A curtain that was about to be drawn over open government was removed by Gov. Matt Bevins’ veto this week, and we are all the better for it.

A bill that would have allowed cities and counties to discontinue the practice of publishing their financial information in newspapers was surreptitiously added to the budget bill in the waning minutes of the 2016 General Assembly.

That language would have allowed cities and counties to publish their financial information on their own website or by putting a copy of the financial statement in the main branch of the local public library.

Or they could have published it in the newspaper.

Cities and counties would have been given the same hideout school districts were given 12 years ago. At that time, school districts were exempted from publishing not only their district's financial statement, but the school's "report card" as well.

The Governor on Wednesday vetoed both of those sections from House Bill 303, the state budget. That means cities, counties and other local governments as well as school districts will have to publish their financial statements in the newspaper. There is no option to only put them on the government agency's website or place a copy at the local public library.

The sun shines bright in Kentucky today.

“The Governor has focused on transparency at all levels of government and his action ensures transparency on how local governments spend taxpayer dollars,” said David Thompson, executive director of the Kentucky Press Association.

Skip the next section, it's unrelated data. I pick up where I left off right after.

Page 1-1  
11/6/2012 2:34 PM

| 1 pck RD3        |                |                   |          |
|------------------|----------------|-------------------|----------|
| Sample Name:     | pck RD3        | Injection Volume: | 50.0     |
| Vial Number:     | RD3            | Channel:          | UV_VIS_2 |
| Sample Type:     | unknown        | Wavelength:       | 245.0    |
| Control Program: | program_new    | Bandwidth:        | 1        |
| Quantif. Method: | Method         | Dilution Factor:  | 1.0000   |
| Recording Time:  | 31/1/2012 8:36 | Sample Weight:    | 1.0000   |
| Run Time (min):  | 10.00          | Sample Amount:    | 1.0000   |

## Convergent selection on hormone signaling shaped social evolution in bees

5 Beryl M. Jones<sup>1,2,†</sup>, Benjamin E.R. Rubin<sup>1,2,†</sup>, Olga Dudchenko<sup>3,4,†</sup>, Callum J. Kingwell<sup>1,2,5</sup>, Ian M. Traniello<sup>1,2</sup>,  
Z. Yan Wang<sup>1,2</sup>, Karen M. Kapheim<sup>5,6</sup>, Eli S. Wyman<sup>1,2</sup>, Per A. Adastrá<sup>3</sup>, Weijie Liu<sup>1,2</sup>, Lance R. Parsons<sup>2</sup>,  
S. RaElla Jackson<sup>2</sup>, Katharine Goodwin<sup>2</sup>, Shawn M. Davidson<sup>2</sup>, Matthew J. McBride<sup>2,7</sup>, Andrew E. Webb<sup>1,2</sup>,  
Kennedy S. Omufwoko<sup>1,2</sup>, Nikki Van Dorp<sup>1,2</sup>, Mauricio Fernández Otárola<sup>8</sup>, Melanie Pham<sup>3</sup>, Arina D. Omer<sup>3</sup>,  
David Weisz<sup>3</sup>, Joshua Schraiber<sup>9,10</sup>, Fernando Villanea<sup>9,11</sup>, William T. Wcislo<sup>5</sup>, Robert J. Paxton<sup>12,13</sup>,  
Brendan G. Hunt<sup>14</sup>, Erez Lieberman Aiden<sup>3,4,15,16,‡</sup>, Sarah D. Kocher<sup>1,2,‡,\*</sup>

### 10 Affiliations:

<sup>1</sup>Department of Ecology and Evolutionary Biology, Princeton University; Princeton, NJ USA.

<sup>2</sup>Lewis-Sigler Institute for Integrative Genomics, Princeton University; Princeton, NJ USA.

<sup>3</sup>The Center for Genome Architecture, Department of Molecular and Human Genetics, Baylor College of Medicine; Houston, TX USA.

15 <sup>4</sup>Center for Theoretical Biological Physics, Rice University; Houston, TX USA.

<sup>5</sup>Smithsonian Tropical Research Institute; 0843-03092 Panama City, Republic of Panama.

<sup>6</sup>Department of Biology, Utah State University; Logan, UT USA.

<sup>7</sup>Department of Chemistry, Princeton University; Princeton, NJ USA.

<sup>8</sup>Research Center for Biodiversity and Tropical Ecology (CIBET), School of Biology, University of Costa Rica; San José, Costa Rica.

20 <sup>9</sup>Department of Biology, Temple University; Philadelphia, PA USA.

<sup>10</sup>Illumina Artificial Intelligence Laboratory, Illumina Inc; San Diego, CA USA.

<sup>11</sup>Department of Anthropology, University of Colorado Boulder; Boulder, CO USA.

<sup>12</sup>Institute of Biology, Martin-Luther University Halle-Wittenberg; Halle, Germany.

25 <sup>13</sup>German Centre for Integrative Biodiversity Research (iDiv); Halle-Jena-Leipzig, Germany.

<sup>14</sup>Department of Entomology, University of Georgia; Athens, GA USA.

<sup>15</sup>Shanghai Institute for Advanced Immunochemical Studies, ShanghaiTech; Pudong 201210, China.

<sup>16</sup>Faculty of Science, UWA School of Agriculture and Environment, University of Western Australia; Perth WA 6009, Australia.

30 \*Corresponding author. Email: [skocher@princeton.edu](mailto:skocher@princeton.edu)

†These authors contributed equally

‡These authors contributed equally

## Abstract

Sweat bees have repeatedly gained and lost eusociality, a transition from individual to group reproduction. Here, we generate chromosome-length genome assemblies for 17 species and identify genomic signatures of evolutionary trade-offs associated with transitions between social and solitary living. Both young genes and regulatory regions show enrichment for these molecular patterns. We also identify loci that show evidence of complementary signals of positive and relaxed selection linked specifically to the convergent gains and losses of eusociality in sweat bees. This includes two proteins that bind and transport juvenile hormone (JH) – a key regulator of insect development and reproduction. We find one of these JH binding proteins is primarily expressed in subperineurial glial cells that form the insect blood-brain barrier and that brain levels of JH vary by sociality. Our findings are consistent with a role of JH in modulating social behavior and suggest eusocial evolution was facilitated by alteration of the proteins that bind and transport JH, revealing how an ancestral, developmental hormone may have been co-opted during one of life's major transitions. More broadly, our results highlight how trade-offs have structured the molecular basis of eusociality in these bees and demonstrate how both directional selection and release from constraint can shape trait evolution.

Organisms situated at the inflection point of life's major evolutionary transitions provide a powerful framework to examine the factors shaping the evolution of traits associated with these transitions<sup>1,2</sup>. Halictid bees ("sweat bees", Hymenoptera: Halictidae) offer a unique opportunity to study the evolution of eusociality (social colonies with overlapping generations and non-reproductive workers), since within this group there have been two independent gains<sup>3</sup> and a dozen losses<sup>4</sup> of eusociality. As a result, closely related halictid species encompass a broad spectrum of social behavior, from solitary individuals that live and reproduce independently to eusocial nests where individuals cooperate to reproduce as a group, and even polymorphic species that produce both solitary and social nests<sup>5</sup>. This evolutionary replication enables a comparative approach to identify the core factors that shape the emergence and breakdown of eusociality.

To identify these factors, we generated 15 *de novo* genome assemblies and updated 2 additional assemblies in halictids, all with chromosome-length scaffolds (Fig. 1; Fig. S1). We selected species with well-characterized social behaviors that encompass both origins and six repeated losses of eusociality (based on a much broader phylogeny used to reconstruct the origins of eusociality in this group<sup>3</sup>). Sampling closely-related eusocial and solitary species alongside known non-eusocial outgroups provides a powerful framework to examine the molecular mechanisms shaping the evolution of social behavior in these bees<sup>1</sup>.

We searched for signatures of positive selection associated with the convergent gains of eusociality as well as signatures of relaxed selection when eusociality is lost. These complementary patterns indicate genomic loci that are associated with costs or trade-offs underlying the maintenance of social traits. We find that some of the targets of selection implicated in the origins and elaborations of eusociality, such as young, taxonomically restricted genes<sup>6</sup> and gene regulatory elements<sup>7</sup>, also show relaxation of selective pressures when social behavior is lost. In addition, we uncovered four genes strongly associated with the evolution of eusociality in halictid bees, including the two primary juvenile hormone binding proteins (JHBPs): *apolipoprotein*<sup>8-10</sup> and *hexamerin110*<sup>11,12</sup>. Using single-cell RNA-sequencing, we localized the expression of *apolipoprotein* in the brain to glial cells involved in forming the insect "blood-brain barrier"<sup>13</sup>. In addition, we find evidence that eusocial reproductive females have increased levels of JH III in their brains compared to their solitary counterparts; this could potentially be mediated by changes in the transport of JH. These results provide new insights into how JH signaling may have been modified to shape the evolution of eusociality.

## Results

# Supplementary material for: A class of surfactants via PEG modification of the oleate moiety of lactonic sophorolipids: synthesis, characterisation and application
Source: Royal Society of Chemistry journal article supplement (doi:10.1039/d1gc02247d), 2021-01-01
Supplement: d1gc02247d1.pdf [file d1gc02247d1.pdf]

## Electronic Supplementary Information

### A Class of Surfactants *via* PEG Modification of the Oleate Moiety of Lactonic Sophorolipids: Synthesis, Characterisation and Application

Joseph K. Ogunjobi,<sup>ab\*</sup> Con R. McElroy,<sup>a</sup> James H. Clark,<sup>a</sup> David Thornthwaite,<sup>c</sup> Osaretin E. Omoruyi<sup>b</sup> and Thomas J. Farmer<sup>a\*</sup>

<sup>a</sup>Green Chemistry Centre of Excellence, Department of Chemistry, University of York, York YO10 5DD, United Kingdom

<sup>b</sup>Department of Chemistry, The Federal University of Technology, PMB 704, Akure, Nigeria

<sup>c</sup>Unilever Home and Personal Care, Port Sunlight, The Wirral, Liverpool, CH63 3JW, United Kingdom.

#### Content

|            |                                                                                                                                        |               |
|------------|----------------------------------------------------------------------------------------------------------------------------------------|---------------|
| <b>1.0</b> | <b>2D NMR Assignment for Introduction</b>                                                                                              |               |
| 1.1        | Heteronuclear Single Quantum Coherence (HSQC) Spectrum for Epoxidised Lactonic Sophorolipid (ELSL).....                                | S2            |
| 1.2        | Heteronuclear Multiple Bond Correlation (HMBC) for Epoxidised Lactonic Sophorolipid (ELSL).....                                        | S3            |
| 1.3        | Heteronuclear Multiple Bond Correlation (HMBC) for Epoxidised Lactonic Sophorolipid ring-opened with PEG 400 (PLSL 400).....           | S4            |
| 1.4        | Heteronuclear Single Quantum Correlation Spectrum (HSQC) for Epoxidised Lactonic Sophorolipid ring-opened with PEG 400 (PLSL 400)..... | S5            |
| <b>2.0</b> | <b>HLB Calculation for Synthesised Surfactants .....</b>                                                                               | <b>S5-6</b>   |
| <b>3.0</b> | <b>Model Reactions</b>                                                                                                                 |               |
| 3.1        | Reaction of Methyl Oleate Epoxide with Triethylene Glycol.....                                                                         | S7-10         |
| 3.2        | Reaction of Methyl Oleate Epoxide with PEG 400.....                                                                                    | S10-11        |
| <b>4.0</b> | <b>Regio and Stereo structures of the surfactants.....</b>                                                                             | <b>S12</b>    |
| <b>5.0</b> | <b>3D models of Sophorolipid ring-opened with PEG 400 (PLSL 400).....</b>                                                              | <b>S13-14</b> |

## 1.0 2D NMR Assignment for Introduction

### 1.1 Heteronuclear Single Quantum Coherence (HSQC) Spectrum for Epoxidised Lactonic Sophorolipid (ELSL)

Thompson is correct and the governor’s action assures that government will continue to place important public information in newspapers as has been the case for more than a century.

Simply put: no government agency should control how, when, where and what it is required to make available to the public.

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While the internet can be a great tool for gathering information quickly, there are none of the safeguards associated with a printed document – especially one distributed widely and archived by a source outside of government.

The proof of that is some districts have simply not posted their information online or made the information so hard to find that it may as well be locked in the superintendent’s filing cabinet. Even when financial reports and other important documents are posted online, who is to say that information cannot be pulled down or altered in the future? And what of those who do not have access to online websites?

Experiences here in Mason County and throughout the Commonwealth suggest financial shenanigans are easy to hide when no one looks.

Newspaper publication may not prevent all misconduct, but it will help to deter and detect such activity.

Many people inside and outside of government talk about transparency. Gov. Bevin and his administration set the tone early and the message is clear:

The people of Kentucky have a right to know what goes on in government at every level. And information – especially that of a financial nature – should be available to everyone.

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